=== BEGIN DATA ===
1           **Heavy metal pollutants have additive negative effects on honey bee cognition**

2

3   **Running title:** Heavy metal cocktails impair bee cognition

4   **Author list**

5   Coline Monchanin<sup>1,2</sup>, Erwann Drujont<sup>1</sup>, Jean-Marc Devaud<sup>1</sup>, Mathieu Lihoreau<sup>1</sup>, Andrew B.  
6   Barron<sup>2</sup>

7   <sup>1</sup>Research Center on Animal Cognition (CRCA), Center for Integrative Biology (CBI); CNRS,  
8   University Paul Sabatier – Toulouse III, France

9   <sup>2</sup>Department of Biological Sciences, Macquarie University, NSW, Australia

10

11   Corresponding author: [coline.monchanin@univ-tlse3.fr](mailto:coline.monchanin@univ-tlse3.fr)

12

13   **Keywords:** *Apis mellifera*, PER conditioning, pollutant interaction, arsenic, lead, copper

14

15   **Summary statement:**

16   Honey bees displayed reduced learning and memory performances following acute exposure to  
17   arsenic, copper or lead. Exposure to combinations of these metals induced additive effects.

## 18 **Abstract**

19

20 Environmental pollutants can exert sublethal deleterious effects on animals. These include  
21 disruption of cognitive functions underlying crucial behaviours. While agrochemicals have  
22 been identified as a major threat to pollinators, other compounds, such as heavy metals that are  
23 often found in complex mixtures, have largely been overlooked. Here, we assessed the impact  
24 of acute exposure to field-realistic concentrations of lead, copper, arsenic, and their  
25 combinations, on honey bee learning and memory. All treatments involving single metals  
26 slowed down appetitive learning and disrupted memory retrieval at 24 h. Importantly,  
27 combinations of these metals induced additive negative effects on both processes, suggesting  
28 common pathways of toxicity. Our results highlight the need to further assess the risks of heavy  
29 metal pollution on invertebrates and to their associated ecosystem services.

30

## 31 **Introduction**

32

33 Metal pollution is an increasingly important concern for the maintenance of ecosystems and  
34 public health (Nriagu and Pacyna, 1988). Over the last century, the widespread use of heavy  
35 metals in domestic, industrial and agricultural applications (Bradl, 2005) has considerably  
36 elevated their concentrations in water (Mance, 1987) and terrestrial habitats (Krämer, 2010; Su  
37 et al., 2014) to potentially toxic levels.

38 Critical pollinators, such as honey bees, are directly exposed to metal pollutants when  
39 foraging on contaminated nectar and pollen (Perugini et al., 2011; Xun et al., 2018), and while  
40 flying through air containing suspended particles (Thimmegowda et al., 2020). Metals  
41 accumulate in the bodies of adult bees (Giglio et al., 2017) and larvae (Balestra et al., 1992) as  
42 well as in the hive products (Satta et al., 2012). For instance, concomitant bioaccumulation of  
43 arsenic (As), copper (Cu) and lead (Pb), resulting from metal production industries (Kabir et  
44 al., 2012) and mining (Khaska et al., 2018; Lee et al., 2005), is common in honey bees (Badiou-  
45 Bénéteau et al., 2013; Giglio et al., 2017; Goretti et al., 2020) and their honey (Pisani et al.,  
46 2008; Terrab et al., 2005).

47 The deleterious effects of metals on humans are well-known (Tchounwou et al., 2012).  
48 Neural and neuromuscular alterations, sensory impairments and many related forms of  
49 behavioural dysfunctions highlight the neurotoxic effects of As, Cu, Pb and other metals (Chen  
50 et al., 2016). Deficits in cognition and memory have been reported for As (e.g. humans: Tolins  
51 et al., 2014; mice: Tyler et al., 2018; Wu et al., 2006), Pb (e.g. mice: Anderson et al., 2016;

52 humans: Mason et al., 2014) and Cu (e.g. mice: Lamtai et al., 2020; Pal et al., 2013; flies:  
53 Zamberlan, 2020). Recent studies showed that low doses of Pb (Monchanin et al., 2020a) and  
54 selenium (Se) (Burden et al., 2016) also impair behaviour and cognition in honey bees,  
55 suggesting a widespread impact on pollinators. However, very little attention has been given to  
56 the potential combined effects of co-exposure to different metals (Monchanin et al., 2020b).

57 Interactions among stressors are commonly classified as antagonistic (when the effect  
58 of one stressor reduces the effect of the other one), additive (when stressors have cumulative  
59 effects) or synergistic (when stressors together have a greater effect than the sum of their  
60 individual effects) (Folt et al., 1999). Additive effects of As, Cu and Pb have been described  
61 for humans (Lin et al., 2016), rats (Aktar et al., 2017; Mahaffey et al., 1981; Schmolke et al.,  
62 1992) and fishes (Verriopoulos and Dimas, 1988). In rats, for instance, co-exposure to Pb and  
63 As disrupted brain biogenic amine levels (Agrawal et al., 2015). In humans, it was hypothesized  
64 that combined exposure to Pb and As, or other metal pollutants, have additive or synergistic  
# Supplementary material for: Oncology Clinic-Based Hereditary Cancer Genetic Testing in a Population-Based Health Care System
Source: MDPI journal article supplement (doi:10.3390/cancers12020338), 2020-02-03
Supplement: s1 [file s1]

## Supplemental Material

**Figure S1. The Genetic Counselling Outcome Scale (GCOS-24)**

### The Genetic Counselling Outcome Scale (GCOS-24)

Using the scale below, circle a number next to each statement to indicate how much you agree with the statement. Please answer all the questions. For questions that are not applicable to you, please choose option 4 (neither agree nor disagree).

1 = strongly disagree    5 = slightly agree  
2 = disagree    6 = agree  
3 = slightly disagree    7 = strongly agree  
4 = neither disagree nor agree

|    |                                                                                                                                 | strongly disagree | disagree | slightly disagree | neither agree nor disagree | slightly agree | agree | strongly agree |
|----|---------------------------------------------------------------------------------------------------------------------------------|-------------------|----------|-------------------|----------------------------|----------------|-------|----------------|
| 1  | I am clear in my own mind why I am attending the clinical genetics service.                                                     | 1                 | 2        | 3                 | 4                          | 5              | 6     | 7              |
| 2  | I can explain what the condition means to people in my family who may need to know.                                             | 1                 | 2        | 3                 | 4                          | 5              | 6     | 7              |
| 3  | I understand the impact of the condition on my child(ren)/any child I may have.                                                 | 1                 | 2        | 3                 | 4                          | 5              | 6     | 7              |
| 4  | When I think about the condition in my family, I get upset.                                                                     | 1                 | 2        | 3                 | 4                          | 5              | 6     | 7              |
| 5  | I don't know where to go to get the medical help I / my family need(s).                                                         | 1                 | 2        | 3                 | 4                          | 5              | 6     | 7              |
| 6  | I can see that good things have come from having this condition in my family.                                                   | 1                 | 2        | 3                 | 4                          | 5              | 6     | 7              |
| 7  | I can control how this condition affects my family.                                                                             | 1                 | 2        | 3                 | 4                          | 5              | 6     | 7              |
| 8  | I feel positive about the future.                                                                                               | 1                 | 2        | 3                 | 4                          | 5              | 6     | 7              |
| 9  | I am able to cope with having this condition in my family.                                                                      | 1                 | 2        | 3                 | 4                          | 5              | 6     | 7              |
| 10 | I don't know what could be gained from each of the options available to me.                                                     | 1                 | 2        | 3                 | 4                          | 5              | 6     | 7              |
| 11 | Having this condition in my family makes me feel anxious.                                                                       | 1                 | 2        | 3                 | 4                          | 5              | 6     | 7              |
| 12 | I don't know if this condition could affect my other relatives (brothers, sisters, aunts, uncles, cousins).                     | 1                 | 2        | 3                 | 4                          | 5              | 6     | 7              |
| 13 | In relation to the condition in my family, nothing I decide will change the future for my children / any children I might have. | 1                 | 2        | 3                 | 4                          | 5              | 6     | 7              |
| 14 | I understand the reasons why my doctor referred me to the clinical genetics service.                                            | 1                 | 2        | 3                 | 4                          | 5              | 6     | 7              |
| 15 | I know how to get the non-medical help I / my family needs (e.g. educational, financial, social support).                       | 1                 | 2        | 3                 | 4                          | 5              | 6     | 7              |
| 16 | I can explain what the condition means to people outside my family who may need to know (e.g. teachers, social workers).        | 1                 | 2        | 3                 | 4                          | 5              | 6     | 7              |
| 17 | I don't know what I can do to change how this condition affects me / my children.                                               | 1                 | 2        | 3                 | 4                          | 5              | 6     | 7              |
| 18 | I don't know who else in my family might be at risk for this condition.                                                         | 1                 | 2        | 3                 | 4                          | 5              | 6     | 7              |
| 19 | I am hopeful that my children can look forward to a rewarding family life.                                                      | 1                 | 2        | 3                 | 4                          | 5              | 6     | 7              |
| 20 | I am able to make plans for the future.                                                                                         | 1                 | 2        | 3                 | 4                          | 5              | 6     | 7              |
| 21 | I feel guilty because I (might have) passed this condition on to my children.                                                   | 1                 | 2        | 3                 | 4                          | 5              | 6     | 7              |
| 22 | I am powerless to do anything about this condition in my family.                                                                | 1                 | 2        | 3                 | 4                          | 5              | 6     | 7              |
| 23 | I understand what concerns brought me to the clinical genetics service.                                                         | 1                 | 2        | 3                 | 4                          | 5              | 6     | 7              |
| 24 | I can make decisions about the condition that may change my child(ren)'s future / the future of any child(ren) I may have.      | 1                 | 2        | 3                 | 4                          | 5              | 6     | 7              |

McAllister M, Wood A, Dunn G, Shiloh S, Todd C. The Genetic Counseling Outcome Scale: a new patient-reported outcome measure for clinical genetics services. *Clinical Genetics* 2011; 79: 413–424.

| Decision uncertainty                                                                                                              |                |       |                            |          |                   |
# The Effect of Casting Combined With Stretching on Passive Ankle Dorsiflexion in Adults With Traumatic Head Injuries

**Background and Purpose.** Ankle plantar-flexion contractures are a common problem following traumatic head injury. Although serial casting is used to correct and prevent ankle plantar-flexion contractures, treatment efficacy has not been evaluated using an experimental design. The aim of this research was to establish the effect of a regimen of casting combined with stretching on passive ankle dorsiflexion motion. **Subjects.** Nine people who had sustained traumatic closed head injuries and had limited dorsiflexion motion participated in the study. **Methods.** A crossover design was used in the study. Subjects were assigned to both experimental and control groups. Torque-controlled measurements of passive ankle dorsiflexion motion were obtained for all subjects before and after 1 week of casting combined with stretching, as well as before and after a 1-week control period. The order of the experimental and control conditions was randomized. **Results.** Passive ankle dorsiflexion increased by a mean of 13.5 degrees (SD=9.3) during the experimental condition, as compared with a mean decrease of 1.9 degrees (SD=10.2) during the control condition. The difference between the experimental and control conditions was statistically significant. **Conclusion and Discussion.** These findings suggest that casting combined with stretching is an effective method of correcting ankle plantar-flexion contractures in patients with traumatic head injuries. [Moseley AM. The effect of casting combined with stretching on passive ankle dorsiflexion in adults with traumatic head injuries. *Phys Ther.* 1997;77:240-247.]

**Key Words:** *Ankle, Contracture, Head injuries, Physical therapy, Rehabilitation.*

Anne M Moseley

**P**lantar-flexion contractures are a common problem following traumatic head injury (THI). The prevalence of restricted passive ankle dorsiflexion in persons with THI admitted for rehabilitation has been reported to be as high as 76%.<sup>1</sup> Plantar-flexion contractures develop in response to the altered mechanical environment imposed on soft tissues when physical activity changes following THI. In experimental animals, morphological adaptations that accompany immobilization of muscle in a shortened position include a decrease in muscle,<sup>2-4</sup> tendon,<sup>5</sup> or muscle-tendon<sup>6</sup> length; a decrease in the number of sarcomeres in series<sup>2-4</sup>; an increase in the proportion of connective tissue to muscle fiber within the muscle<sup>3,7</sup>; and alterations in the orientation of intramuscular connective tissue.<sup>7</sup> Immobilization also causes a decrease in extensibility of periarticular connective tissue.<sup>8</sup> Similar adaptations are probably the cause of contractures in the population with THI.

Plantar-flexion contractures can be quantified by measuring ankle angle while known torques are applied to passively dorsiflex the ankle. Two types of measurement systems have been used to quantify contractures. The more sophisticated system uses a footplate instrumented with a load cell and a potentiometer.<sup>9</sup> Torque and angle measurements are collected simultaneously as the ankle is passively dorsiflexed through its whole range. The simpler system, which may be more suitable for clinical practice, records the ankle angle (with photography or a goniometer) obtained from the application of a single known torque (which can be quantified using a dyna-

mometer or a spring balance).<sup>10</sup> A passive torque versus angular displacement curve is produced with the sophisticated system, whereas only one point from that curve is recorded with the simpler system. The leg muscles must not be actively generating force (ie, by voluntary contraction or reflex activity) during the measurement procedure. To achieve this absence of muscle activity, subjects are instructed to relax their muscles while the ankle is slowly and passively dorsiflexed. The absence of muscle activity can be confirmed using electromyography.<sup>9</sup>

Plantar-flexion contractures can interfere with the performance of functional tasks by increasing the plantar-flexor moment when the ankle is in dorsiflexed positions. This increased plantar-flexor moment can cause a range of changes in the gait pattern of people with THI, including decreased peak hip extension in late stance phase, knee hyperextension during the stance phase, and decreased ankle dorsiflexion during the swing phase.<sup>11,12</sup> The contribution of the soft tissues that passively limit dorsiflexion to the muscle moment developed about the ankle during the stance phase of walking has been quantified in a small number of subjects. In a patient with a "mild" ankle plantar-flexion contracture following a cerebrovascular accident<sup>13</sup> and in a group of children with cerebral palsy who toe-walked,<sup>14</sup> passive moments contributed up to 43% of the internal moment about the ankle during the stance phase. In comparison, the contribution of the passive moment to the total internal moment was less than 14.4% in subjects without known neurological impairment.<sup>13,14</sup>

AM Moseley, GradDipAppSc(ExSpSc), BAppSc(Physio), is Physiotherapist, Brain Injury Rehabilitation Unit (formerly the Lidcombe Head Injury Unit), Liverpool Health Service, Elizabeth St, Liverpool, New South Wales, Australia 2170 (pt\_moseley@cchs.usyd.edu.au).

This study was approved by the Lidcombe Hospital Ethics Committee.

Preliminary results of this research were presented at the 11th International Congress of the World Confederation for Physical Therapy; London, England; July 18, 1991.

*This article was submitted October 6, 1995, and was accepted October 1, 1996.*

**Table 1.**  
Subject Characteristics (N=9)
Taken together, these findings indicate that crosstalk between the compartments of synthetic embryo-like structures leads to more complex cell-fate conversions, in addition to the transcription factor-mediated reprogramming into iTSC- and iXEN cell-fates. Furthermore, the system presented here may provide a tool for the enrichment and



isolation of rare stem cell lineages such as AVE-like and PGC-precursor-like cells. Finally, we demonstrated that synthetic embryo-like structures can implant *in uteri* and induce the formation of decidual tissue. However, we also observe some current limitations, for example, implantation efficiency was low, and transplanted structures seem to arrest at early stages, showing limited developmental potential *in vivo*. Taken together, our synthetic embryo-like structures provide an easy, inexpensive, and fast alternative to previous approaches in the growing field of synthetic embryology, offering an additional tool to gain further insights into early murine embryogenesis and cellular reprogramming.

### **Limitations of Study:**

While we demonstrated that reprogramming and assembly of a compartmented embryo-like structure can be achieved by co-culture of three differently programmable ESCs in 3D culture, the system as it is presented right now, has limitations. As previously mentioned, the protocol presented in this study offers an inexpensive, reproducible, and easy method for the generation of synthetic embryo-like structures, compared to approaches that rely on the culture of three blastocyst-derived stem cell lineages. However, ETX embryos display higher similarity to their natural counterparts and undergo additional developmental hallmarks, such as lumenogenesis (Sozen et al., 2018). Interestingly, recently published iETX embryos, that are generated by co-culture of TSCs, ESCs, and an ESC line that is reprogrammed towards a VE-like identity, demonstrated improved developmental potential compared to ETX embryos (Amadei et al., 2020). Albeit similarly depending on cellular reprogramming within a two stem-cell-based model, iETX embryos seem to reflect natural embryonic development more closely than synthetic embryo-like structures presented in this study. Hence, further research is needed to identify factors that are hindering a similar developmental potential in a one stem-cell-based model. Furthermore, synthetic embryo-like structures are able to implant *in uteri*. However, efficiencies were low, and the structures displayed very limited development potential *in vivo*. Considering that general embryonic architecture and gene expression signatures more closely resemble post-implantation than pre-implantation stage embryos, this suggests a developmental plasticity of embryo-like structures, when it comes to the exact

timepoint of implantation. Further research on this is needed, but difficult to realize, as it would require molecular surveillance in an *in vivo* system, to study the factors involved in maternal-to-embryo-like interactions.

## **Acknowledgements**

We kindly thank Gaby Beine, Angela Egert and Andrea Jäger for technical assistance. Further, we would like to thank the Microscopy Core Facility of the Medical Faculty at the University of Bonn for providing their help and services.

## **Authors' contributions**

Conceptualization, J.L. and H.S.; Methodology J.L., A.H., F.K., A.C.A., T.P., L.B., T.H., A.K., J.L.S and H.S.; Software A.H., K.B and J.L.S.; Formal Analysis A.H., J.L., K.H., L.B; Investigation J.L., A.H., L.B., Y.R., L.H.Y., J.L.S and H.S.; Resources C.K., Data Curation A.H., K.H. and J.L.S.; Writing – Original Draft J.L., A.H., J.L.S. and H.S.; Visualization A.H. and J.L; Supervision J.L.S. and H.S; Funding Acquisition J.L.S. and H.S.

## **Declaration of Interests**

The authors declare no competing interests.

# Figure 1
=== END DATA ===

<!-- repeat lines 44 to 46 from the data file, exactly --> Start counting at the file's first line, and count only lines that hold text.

44 al., 2012) and mining (Khaska et al., 2018; Lee et al., 2005), is common in honey bees (Badiou-  
45 Bénéteau et al., 2013; Giglio et al., 2017; Goretti et al., 2020) and their honey (Pisani et al.,  
46 2008; Terrab et al., 2005).